Moseying: History of the Southern Llano Estacado
Artifacts tell stories the tale of a Chinese coin found near Deadmans Cut
June 14, 2006
Earlier this year UTPB history graduate student Brandon Young was hiking on his hunting lease near Penwell and found a Chinese coin. When he researched its provenance he discovered it very well could have been a coin brought by the workers that built the T&P railroad through West Texas in 1881. His lease is only a mile or so from the railroad, and he could see Deadmans Cut, where five Chinese railroad construction men died.
Young had come to the Sibley Nature Center to do research for a paper on the history and changing role of naturalists over the last 200 years. After he had exhausted the resources in the library at Sibley we visited for a while. Young worked at the Sibley Nature Center in 2000 and 2001, but I had not seen him since the Permian Basin Historical Societys spring 2006 meeting. We caught up on the activities of our spouses and friends, and then talked about recent field trips that each of us had taken. Young has an incredible eye to spot small artifacts on the ground, and over many years has accumulated an impressive collection of junk that tell a story.
A couple of months ago, Carlsbad, New Mexico resident Terry Gregston, a Bureau of Land Management environmental regulations inspector, and author of An Introduction to Federal Environmental Regulations of the Petroleum Industry contacted me about some of my essays about Lipan Apaches. Gregston shared a story that she had written about a trip during which she searched out historical sites of Lipan Apaches. As Young told about the coin, I remembered a narrative device she used to describe what might have happened at a site. She meditated while holding a stone from the site and let the stone tell the story.
I pretended to hold the coin and let my imagination create a story
Du Fu had walked alone into the darkness, away from the camp after his friends bodies were buried. They had come to the United States at his urging. After he had lost his wife to fever, his sorrow and anguish led him to want to leave the village where he had lived since birth. But he had been too afraid of the unknown to go alone, so he had convinced the five younger men that it would be a grand adventure, and that their parents could have much better lives as a result of the money they would send home.
He had walked aimlessly for an hour, wandering among the creosote bush, littleleaf sumac, hackberry, and lotebush growing out of the cracks of the bedrock of the Mescalero Escarpment at the western edge of the Llano Estacado. As he walked he drank from a bottle of rotgut whiskey that he had purchased from the camp sutler and grew increasingly remorseful. Anybody that joins their fortune with me dies, he kept telling himself. The more he drank, the more he felt the pain. I should not be alive I carry death with me.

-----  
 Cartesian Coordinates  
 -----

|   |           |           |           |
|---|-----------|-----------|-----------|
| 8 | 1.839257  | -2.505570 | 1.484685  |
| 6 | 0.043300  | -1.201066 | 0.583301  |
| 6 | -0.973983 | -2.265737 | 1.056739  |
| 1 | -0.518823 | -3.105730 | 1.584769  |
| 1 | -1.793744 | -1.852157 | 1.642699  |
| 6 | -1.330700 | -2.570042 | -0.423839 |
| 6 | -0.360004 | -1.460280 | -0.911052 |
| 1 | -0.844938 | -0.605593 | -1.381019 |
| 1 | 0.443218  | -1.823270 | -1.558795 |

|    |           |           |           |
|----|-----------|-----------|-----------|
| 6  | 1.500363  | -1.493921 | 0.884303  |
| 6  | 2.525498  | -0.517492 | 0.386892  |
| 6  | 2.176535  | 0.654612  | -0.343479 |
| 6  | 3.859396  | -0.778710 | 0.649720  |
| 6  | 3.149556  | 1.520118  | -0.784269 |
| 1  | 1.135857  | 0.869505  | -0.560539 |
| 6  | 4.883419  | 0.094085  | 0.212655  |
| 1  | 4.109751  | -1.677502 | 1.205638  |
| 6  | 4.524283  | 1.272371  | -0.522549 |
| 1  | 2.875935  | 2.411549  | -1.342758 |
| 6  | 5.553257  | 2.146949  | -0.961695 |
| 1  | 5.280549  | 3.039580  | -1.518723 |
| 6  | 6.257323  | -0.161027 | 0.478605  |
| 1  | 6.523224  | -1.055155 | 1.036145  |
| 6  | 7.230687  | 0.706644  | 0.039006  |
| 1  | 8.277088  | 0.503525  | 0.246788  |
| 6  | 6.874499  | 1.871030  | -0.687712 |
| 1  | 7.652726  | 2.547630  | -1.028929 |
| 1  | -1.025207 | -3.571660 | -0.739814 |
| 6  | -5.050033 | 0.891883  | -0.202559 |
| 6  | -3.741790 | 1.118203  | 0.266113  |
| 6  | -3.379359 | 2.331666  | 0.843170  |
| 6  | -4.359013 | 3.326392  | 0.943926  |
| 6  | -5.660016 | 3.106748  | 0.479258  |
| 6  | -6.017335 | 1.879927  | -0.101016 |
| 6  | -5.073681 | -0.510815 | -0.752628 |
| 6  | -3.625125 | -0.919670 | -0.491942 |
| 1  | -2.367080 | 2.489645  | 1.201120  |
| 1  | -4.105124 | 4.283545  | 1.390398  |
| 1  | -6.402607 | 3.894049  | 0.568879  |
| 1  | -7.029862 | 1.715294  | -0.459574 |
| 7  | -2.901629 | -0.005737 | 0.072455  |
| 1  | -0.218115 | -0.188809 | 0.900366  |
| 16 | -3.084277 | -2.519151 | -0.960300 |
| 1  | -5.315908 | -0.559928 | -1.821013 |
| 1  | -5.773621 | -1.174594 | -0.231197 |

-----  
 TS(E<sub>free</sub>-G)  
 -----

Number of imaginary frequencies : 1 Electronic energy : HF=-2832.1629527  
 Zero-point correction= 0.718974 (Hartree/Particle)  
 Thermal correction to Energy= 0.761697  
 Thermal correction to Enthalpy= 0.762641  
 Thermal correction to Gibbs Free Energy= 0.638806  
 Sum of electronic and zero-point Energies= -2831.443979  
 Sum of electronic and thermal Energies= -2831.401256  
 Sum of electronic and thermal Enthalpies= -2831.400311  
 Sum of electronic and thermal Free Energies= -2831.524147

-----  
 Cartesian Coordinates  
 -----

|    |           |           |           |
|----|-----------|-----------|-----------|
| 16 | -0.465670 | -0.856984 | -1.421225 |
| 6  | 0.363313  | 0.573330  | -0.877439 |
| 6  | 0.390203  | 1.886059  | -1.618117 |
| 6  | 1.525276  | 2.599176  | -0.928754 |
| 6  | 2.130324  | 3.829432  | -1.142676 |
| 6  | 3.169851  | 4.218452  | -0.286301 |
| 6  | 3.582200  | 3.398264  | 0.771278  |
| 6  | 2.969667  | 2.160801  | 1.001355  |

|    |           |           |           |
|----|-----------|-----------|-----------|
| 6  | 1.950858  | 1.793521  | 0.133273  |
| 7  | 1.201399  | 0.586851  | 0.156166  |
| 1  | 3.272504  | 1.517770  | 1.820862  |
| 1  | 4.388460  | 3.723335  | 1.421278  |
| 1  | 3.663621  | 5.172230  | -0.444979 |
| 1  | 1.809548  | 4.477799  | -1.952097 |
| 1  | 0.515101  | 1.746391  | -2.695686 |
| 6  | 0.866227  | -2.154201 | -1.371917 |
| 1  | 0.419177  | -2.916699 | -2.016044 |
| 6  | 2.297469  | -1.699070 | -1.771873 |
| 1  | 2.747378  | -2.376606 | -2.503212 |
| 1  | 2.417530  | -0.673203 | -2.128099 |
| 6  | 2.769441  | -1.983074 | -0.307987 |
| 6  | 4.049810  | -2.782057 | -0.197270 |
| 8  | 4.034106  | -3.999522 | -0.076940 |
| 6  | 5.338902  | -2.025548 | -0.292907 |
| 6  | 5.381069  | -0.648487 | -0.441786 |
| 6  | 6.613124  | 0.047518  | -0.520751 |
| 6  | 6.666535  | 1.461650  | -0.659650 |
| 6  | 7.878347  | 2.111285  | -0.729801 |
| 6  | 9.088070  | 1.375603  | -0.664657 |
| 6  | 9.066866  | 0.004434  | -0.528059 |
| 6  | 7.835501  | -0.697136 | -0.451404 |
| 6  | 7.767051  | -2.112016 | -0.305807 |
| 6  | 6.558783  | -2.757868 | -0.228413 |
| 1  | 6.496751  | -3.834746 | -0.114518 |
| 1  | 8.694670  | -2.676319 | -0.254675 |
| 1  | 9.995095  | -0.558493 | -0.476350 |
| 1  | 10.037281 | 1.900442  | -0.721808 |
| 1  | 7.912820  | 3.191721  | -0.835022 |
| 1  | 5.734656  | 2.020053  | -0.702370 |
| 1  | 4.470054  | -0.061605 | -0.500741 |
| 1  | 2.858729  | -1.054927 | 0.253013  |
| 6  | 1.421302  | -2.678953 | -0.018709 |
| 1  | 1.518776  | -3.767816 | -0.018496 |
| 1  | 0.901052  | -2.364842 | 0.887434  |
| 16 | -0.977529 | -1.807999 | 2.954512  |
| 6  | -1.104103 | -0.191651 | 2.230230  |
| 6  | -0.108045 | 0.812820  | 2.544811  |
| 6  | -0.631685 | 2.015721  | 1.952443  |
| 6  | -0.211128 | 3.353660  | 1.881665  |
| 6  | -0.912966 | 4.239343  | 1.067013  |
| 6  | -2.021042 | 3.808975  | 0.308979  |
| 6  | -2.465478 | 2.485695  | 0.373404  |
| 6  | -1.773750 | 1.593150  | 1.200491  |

His inebriation impaired his ability to gauge his footing to the point that he stumbled, and tripped when he stepped into one of the shallow mortar holes left long ago by Indians grinding bristlegrass seeds.
Staggering and off balance, he fell onto an 18-inch tall yellow-spine cholla. Wailing in pain, he brushed off the cactus with a long dead juniper limb, but the sheaths of a hundred spines remained in his skin. Cactus spines accumulate salts from the soil, and the salts intensify the pain of the penetration.
He yanked his shirt off, and when his money pouch (hung from his neck under the shirt) scraped along the tops of the spine sheaths buried in his skin, he pulled it off and tossed it away without noticing where it went. It landed in the branches of a hackberry, with its drawstring hanging down. One coin was jarred out and fell to the ground, and then rolled along the ledge of rock, finally dropping off to rest under a clump of side-oats grama.
It took almost thirty minutes before he finally removed the last of the spine sheaths. After the removal of every fifth spine sheath, he took another sip of the whiskey. When he was finally done, he was feeling no pain. The relief he felt and the numbing effect of the whiskey made him collapse and stretch out on his back when he was done, and he stared up into the nighttime sky at a full moon almost overhead.
A refrain of the Tang Dynasty poet Li Po (701-762 A.D.) came to his mind unbidden. He stared at the moon and recited:
Amongst the flowers is a pot of wine
I pour alone but with no friend at hand
So I lift the cup to invite the shining moon,
Along with my shadow we become party of three
The moon although understands none of drinking, and
The shadow just follows my body vainly
Still I make the moon and the shadow my company
To enjoy the springtime before too late
The moon lingers while I am singing
The shadow scatters while I am dancing
We cheer in delight when being awake
We separate apart after getting drunk
Forever will we keep this unfettered friendship
Till we meet again far in the Milky Way
When Du Fu awoke in the morning he decided he could no longer stand the sight of anything to do with a railroad. He caught a ride on an empty wagon headed to the Pecos River valley that hauled hay for the mules that pulled the fresnos that leveled the bed of the railroad. He settled in Roswell, New Mexico where he operated a chili joint until 1894 when J.J Hagerman extended the Pecos Valley Railroad to the town. Still unable to bear being near a railroad, he moved to the 4 Lakes ranch house (near Tatum, New Mexico) on Phelps Whites LFD ranch to be the cook. He died there in 1911.
Fresno a metal box with a blade that pulled dirt around a roadgrader before the internal combustion engine